Mascoma's Kershaw named Shrine coach
When Ray Kershaw became Mascoma Regional High School's varsity football coach the Royals were a fledgling program struggling to be competitive.
That was back in 2010. Mascoma had won one game since the program gained varsity status in 2008. Even worse was the fact that participation numbers were very low.
"We had 15 players when I took over in June (2010)," Kershaw recalled. "I had a meeting with the principal and the AD and they told me I really had to get the numbers up or one of two things would happen: The program would either fold, or we would be reduced to playing a JV schedule."
Three seasons later Kershaw guided Mascoma to the No. 1 seed in Division VI. The Royals completed the 2012 season with an 8-3 record after losing to Franklin in the Division VI championship game.
"It was a very satisfying season," Kershaw said. "It would have been nice to end it with a state championship, but we had 36 kids on our roster. The fan support was always growing. I told the kids that the important things were hard work and dedication, and as long as we were having fun the wins would come."
Kershaw, a 46-year-old Springfield resident, is hoping his next coaching victory comes in the 2013 Shrine Maple Sugar Bowl. Kershaw was named New Hampshire's head coach last month.
He'll put his fingerprints on a New Hampshire team that will face Vermont on Aug. 3 at Dartmouth's Memorial Field. New Hampshire has won the last 12 meetings and holds a 44-13-2 edge in the series. New Hampshire set a Shrine Maple Bowl record for points scored when it posted a 62-24 victory last summer.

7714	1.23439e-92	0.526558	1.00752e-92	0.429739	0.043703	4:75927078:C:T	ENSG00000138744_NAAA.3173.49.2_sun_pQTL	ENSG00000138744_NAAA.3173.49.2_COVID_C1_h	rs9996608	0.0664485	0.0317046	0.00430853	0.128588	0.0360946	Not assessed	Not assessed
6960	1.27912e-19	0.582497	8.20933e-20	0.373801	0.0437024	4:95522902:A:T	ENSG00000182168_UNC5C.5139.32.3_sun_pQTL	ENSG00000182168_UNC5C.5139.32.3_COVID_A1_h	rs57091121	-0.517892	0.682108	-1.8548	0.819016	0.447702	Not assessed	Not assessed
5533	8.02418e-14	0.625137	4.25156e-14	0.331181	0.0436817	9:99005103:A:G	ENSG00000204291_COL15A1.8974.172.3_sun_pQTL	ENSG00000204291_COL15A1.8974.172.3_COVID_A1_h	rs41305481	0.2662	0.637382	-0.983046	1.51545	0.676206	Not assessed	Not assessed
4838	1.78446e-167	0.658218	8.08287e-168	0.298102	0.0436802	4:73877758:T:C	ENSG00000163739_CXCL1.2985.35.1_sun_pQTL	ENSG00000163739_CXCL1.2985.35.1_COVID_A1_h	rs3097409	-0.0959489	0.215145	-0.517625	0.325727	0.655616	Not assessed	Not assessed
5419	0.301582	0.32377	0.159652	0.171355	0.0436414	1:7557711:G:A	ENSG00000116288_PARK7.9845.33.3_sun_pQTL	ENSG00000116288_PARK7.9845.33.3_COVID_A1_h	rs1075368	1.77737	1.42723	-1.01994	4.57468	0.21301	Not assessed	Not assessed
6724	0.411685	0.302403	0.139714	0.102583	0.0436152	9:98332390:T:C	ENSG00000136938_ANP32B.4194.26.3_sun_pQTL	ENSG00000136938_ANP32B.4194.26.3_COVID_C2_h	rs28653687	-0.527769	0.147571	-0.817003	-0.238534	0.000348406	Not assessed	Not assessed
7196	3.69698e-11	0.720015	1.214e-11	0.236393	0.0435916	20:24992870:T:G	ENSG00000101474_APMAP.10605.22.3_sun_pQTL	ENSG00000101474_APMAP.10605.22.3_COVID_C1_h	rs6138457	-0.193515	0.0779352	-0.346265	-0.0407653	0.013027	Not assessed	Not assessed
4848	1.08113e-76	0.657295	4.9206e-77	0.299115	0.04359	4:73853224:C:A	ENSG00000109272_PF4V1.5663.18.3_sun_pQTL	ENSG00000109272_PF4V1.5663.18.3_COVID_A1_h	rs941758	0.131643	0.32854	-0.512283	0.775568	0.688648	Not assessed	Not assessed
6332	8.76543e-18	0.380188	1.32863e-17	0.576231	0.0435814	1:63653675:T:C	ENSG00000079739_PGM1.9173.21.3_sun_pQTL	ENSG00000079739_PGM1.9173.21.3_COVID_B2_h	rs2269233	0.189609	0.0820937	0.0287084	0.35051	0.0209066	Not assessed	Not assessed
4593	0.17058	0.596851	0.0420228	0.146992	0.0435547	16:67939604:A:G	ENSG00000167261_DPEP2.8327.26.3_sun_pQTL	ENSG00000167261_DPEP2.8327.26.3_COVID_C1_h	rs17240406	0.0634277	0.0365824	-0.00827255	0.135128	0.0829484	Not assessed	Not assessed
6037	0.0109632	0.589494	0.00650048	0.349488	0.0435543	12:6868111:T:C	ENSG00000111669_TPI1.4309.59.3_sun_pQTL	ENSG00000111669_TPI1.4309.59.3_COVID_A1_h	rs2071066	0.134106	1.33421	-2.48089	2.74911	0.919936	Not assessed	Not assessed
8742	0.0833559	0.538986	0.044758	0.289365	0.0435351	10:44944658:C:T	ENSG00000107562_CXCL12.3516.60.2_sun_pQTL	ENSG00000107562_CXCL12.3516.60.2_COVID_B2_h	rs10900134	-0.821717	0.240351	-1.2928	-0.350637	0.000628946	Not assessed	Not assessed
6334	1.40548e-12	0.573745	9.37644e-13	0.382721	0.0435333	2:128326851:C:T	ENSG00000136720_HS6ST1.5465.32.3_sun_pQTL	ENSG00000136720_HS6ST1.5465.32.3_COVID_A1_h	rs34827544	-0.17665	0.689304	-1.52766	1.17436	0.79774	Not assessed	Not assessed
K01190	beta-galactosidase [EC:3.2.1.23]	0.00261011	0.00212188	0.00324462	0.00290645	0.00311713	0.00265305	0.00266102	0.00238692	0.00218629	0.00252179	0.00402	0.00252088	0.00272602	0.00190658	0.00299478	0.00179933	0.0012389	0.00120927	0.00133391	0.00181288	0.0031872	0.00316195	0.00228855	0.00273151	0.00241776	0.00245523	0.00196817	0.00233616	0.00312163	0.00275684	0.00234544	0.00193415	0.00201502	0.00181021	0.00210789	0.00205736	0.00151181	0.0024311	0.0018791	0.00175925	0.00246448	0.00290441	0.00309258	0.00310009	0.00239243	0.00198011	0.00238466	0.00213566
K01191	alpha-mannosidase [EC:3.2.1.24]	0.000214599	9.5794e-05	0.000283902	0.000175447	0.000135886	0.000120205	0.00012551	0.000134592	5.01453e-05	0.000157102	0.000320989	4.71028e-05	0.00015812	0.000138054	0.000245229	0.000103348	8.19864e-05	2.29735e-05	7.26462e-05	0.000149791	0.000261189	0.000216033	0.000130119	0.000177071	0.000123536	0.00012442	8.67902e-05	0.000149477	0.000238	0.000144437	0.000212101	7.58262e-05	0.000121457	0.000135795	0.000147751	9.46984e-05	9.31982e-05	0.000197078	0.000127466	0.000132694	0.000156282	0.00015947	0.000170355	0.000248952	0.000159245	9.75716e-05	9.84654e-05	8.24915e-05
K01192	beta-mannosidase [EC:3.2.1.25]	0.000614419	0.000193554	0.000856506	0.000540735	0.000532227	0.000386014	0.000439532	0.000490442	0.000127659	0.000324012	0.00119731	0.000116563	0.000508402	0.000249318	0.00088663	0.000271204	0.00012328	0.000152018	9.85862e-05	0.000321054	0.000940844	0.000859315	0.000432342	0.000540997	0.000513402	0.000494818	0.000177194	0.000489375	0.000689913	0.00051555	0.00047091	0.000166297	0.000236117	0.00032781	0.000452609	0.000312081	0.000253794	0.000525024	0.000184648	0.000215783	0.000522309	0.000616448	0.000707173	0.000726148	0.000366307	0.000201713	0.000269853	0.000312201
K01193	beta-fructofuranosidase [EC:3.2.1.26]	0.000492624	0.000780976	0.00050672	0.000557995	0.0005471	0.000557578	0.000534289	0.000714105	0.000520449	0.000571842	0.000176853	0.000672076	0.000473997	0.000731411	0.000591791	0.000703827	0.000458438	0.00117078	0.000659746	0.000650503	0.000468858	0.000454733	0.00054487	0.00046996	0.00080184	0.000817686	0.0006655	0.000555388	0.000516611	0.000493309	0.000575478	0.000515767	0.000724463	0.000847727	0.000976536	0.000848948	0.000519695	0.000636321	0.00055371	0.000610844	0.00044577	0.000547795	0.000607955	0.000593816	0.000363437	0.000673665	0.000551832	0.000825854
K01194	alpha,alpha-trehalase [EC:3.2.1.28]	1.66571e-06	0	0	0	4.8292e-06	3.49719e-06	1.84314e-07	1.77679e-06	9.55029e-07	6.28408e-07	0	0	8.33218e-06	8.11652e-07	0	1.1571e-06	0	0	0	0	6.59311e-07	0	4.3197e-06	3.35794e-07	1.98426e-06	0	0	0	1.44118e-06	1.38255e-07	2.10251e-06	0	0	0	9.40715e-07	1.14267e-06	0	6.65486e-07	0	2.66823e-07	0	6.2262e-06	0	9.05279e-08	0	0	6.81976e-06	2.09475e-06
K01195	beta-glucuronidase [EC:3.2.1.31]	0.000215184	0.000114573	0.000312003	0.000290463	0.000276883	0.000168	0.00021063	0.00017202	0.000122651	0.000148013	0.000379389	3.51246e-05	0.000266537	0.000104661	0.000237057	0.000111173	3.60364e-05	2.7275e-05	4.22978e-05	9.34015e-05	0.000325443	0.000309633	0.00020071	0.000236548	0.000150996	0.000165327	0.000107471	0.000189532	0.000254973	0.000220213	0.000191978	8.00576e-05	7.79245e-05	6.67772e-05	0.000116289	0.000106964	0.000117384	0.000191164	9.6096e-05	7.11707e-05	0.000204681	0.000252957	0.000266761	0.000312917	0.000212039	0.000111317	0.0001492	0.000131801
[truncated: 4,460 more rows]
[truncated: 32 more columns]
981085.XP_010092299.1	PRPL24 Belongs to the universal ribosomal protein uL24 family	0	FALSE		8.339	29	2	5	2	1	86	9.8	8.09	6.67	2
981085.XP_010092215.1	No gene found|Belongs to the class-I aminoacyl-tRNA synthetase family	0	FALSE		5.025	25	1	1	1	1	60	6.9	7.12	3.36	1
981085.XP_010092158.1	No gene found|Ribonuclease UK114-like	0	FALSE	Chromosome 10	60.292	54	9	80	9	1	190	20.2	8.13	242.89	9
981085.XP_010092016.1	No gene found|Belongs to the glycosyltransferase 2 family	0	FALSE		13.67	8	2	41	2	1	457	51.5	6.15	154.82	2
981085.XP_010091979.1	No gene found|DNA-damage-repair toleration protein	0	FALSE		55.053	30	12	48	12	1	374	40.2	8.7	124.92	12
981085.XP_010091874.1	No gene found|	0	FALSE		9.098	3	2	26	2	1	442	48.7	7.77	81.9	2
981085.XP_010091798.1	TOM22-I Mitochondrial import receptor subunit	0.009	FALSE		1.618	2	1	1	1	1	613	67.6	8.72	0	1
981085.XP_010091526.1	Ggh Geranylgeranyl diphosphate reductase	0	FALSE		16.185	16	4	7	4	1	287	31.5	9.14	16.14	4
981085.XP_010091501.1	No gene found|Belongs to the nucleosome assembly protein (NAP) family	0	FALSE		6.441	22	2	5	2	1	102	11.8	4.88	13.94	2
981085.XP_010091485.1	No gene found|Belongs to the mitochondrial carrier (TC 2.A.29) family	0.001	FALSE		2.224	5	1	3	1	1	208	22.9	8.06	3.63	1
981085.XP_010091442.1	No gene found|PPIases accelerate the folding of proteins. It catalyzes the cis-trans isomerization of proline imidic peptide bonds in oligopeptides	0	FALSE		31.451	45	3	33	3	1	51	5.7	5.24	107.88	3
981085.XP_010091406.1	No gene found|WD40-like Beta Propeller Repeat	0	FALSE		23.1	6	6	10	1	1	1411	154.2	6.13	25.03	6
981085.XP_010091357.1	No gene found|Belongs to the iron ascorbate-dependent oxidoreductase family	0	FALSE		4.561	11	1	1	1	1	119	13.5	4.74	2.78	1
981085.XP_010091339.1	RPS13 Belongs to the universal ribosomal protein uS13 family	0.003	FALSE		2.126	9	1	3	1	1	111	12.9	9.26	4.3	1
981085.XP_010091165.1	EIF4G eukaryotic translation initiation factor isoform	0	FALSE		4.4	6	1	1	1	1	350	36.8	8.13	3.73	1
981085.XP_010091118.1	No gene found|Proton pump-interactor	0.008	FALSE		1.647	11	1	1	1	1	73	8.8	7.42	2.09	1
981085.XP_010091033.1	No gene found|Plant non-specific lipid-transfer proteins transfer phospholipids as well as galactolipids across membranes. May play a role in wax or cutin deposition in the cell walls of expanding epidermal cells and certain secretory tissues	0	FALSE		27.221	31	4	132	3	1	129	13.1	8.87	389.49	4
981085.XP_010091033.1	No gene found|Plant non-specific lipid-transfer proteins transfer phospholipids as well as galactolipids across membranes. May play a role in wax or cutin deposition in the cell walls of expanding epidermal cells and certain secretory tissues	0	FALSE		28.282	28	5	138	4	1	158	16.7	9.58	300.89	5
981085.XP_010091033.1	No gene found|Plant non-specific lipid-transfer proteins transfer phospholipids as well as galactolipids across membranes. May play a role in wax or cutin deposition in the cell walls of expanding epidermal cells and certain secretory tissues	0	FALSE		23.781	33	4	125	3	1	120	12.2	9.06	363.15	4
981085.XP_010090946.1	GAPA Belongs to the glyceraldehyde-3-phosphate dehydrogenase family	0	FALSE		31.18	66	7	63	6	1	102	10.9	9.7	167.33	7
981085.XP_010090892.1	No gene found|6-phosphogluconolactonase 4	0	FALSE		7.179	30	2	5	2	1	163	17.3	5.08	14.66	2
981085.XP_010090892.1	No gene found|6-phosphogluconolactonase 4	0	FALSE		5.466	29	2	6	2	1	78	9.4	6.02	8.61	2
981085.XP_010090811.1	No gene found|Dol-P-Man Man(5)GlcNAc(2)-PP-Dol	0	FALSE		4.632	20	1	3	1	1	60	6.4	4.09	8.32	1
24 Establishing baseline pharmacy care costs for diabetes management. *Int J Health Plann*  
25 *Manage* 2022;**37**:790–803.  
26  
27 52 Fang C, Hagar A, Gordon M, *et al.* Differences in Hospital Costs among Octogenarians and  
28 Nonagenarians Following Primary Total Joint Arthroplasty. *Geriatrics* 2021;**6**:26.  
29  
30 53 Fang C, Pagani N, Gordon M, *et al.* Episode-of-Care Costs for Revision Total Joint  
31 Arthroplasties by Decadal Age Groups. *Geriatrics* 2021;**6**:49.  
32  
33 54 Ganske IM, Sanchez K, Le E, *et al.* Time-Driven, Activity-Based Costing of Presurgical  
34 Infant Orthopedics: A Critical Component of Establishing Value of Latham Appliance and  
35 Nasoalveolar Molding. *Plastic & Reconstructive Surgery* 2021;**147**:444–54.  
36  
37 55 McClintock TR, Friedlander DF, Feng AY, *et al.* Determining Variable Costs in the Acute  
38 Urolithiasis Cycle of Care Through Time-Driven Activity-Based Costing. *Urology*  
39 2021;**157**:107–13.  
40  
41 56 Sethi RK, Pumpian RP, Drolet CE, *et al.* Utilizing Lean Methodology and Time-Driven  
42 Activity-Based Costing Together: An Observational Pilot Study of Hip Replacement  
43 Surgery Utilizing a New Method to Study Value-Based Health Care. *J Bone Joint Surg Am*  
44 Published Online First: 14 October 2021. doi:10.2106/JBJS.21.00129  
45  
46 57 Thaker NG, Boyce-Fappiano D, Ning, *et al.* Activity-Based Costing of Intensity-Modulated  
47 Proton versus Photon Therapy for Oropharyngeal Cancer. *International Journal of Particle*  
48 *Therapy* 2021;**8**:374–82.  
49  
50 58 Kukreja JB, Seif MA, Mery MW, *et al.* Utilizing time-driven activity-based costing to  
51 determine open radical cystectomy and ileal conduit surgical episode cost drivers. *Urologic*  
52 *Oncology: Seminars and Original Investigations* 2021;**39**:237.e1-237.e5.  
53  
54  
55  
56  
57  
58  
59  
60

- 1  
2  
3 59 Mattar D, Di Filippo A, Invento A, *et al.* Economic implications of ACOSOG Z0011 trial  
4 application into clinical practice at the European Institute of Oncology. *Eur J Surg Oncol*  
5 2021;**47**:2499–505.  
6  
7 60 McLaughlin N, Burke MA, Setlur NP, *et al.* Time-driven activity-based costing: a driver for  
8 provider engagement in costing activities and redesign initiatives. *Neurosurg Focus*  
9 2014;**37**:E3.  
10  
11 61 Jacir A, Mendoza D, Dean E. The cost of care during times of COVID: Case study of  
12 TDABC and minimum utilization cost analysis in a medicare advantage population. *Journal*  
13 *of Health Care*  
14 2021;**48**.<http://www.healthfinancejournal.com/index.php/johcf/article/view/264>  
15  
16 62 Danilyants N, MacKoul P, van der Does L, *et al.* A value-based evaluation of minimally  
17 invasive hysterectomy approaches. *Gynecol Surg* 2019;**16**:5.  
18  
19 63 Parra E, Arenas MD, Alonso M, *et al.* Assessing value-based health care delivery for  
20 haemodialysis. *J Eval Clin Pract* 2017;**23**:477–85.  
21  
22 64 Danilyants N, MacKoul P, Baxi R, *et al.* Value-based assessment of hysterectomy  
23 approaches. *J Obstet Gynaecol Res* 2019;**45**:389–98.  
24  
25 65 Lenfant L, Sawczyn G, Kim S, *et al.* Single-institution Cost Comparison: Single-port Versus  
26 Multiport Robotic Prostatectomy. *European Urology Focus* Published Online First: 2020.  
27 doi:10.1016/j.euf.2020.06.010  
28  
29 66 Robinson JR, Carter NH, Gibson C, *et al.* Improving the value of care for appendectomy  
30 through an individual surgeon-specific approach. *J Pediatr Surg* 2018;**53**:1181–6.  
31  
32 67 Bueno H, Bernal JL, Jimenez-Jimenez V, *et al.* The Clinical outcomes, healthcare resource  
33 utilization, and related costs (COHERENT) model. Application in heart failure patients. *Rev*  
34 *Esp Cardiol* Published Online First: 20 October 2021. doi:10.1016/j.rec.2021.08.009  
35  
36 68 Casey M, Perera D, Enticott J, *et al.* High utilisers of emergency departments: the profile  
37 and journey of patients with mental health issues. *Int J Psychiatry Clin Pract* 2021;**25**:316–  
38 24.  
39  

"I had no intention of coaching, but a lot of people asked me to apply for it after the season," Kershaw said. "Being named the head coach was very exciting for me. It's a great honor because of what the game is all about."
Some changes have been put in place for this year's game. Practice has been shortened from nine days to seven, and, in an attempt to make the game more competitive, added restrictions have been placed on how New Hampshire can select its team.
Kershaw will have to choose six players from each of New Hampshire's six divisions, and can select no more than two players from any one team. In past years the New Hampshire coach could choose as many as nine players from Division I, eight from Division II, six from Division III, six from Division IV, four from Division V and three from Division VI.
Vermont, which does not have similar restrictions, has selected as many as nine players from one team in the past. New Hampshire had 56 varsity football teams last season. Vermont had 34.
"I'm fine with it (the selection process)," Kershaw said. "I like the fact that it gives more kids from the lower divisions a chance to play. That's the argument I like. The bottom line is that this is just about raising money for kids in the (Shriners) hospitals."
Kershaw joined the workforce after he played high school football in Coventry, R.I. He came to Mascoma after serving as an assistant coach at Proctor Academy from 2004 to 2009.
He said he has always followed New Hampshire high school football, and was interested in the Mascoma job even though the Royals were regularly on the short end of lopsided scores (Franklin beat Mascoma 71-0 in the final regular-season game of the 2009 season).
"They had a lot of support to get that program going, but they were really struggling," Kershaw said. "You hate to see any program fold."
Kershaw's first Mascoma team had 21 players on the roster, and he coached 28 players in 2011. Each of his first two teams won two games.
It's unlikely the 2012 Mascoma team was a one-hit wonder, since 29 of the 36 players on the roster are eligible to return next season.
Kershaw also said there's a feeder program in place at the middle school level that should keep talent flowing to the high school program.
"It's been a gradual building process, and across the board the support has been outstanding," he said. "We used to be 100 percent funded by the boosters, and hopefully next year we'll be 100 percent funded by the school. The program is on the right track."
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